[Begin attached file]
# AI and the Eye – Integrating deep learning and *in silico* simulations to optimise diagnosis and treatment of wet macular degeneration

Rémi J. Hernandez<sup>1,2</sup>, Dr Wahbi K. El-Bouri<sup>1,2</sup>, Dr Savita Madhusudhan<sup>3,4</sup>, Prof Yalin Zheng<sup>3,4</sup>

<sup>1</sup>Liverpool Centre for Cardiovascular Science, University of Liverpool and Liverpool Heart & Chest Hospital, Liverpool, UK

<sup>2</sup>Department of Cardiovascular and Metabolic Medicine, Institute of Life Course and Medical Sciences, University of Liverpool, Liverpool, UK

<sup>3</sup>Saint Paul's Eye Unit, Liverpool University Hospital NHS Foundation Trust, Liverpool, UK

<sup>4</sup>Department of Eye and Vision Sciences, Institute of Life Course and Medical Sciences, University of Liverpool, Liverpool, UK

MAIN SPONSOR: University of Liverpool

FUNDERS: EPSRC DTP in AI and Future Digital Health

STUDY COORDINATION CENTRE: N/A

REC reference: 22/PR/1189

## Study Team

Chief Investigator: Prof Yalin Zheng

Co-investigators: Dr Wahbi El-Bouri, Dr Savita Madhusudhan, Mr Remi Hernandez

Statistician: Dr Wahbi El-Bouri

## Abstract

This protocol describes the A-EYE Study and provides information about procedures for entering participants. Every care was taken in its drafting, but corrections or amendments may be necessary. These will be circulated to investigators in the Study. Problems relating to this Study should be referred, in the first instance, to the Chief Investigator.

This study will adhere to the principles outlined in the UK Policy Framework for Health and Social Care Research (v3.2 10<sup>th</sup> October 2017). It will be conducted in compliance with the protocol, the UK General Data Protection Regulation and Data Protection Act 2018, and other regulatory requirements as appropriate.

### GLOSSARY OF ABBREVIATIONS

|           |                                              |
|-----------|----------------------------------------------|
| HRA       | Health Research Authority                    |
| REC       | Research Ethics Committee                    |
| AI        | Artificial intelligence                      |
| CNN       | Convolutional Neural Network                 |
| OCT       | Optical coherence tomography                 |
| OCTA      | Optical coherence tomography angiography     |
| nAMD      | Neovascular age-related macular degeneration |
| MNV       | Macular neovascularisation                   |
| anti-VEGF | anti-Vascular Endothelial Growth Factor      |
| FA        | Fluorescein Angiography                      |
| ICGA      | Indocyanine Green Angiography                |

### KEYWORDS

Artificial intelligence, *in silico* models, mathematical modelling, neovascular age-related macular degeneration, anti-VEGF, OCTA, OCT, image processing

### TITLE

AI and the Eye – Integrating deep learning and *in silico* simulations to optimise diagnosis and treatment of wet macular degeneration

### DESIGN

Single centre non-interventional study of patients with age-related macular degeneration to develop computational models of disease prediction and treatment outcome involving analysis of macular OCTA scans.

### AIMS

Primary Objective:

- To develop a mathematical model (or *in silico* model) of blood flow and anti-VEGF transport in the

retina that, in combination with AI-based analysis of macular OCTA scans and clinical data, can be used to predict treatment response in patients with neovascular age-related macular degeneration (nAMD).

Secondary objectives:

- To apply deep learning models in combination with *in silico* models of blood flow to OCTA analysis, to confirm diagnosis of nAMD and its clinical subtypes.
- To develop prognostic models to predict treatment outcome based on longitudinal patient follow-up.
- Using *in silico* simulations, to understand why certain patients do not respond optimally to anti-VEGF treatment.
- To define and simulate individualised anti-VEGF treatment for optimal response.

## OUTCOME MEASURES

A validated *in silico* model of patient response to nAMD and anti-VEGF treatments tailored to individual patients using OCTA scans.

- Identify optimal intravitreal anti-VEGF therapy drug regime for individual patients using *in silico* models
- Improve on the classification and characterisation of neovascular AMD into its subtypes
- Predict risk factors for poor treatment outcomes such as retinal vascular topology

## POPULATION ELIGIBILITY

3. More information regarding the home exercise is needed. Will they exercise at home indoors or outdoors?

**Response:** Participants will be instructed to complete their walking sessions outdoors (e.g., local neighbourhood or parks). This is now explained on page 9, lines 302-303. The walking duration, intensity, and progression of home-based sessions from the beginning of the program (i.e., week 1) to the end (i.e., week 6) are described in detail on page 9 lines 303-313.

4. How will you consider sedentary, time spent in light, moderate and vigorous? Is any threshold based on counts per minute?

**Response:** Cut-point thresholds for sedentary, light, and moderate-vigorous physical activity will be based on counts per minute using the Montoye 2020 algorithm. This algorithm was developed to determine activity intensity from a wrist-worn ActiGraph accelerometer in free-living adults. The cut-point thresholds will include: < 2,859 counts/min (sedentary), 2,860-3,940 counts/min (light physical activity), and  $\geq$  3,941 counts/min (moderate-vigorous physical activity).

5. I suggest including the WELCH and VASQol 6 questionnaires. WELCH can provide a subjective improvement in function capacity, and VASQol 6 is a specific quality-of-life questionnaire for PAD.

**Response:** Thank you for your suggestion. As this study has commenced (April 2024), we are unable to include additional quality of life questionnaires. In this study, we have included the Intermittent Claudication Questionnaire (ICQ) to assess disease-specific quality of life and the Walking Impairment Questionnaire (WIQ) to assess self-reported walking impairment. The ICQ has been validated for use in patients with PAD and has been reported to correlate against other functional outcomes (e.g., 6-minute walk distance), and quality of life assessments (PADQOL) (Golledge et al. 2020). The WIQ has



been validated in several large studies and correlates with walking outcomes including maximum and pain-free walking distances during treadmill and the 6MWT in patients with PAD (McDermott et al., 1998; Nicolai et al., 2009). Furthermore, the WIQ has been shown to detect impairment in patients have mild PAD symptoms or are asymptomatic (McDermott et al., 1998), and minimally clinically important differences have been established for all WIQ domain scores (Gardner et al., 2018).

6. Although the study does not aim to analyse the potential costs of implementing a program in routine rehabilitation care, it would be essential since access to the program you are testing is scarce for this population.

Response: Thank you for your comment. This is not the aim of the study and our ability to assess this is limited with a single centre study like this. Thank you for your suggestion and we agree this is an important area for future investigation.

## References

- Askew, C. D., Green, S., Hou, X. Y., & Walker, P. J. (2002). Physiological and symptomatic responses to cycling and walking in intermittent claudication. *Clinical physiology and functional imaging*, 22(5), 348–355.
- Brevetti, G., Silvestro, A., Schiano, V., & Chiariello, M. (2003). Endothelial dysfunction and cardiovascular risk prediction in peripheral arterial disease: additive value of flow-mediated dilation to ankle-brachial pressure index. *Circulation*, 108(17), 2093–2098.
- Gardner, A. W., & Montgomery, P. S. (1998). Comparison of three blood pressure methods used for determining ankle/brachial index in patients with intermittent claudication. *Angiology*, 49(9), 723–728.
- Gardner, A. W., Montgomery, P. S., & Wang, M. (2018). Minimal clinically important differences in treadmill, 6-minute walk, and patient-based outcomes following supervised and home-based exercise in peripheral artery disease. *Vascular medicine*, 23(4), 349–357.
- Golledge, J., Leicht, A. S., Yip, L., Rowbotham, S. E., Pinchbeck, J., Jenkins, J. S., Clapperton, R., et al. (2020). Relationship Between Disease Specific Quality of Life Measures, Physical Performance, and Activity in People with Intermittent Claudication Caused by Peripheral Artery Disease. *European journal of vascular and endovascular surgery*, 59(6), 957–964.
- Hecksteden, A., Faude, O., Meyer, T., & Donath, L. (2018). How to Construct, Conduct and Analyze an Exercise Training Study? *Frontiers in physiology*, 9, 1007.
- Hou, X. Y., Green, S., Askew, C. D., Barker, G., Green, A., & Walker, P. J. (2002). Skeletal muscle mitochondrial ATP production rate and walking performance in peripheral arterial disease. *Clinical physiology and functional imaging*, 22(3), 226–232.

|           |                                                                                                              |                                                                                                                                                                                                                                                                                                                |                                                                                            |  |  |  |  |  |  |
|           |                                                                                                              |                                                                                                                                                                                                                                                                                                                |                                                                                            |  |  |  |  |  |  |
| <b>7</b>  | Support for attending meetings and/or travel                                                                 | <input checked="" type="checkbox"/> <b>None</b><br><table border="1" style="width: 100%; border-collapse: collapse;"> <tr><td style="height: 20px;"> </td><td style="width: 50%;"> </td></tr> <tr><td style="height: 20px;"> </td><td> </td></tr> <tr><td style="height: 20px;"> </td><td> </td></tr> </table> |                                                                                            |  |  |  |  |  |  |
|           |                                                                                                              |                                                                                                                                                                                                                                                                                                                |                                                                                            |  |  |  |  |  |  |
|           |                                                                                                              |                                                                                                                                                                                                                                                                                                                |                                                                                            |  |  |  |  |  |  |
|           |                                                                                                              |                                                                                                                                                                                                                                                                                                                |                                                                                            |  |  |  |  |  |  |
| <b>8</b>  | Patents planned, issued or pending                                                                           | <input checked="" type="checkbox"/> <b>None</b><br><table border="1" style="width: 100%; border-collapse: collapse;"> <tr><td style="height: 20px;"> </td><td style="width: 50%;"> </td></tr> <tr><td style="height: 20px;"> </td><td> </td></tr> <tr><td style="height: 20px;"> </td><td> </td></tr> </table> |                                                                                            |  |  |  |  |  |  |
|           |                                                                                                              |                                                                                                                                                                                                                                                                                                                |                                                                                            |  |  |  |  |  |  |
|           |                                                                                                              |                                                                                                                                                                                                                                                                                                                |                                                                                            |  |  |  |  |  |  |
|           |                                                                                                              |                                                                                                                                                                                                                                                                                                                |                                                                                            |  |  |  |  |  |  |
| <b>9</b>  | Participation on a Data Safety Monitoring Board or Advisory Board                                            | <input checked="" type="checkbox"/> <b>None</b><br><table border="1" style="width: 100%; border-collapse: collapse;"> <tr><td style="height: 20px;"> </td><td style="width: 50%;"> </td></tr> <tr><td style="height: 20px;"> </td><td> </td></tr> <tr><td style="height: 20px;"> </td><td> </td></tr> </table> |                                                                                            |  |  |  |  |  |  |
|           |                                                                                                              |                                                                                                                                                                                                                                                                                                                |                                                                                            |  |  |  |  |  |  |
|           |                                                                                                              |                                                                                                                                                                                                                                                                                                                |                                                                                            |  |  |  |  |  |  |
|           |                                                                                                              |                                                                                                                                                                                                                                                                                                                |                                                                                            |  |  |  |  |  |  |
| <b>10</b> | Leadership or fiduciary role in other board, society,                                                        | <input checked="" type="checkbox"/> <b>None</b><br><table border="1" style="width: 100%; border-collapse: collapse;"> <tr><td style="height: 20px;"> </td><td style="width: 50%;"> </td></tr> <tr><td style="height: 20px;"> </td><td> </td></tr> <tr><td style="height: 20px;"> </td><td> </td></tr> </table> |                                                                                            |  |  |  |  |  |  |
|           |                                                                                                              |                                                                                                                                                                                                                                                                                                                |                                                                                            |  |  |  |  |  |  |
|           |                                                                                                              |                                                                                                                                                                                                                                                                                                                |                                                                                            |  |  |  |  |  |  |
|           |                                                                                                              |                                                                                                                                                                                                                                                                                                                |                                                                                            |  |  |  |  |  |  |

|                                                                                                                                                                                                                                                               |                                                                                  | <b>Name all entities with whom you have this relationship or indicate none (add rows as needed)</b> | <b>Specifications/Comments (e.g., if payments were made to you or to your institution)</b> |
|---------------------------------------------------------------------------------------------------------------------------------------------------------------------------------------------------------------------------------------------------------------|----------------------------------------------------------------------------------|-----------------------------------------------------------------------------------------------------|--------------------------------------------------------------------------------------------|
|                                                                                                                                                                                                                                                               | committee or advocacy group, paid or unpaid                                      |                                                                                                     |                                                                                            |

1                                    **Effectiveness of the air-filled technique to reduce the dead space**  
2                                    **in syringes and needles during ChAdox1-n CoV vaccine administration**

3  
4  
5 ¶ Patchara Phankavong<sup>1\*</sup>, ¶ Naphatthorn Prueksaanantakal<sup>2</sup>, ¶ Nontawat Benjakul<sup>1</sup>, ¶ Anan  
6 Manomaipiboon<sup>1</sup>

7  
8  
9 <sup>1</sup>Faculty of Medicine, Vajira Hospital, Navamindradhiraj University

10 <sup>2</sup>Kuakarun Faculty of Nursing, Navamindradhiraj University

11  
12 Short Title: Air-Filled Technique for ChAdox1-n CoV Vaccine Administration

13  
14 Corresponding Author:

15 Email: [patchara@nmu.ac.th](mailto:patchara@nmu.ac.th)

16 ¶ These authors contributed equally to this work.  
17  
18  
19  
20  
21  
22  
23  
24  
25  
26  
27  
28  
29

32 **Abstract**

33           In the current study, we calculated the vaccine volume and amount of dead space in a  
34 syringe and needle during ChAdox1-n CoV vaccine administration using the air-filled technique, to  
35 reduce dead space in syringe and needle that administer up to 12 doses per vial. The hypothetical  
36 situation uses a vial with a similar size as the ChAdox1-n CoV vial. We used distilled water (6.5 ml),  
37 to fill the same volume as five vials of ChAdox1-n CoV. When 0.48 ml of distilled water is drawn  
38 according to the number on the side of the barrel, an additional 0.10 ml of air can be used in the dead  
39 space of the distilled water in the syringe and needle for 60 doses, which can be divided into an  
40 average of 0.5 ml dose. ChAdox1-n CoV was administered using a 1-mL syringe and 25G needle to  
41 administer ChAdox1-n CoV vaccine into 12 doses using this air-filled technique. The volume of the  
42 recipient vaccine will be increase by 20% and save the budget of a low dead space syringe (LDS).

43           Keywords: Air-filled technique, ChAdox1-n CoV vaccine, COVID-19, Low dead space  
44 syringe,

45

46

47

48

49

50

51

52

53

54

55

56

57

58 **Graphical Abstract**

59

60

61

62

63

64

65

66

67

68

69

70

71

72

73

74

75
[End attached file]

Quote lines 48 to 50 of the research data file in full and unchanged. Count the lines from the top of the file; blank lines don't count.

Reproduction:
A validated *in silico* model of patient response to nAMD and anti-VEGF treatments tailored to individual patients using OCTA scans.

- Identify optimal intravitreal anti-VEGF therapy drug regime for individual patients using *in silico* models
- Improve on the classification and characterisation of neovascular AMD into its subtypes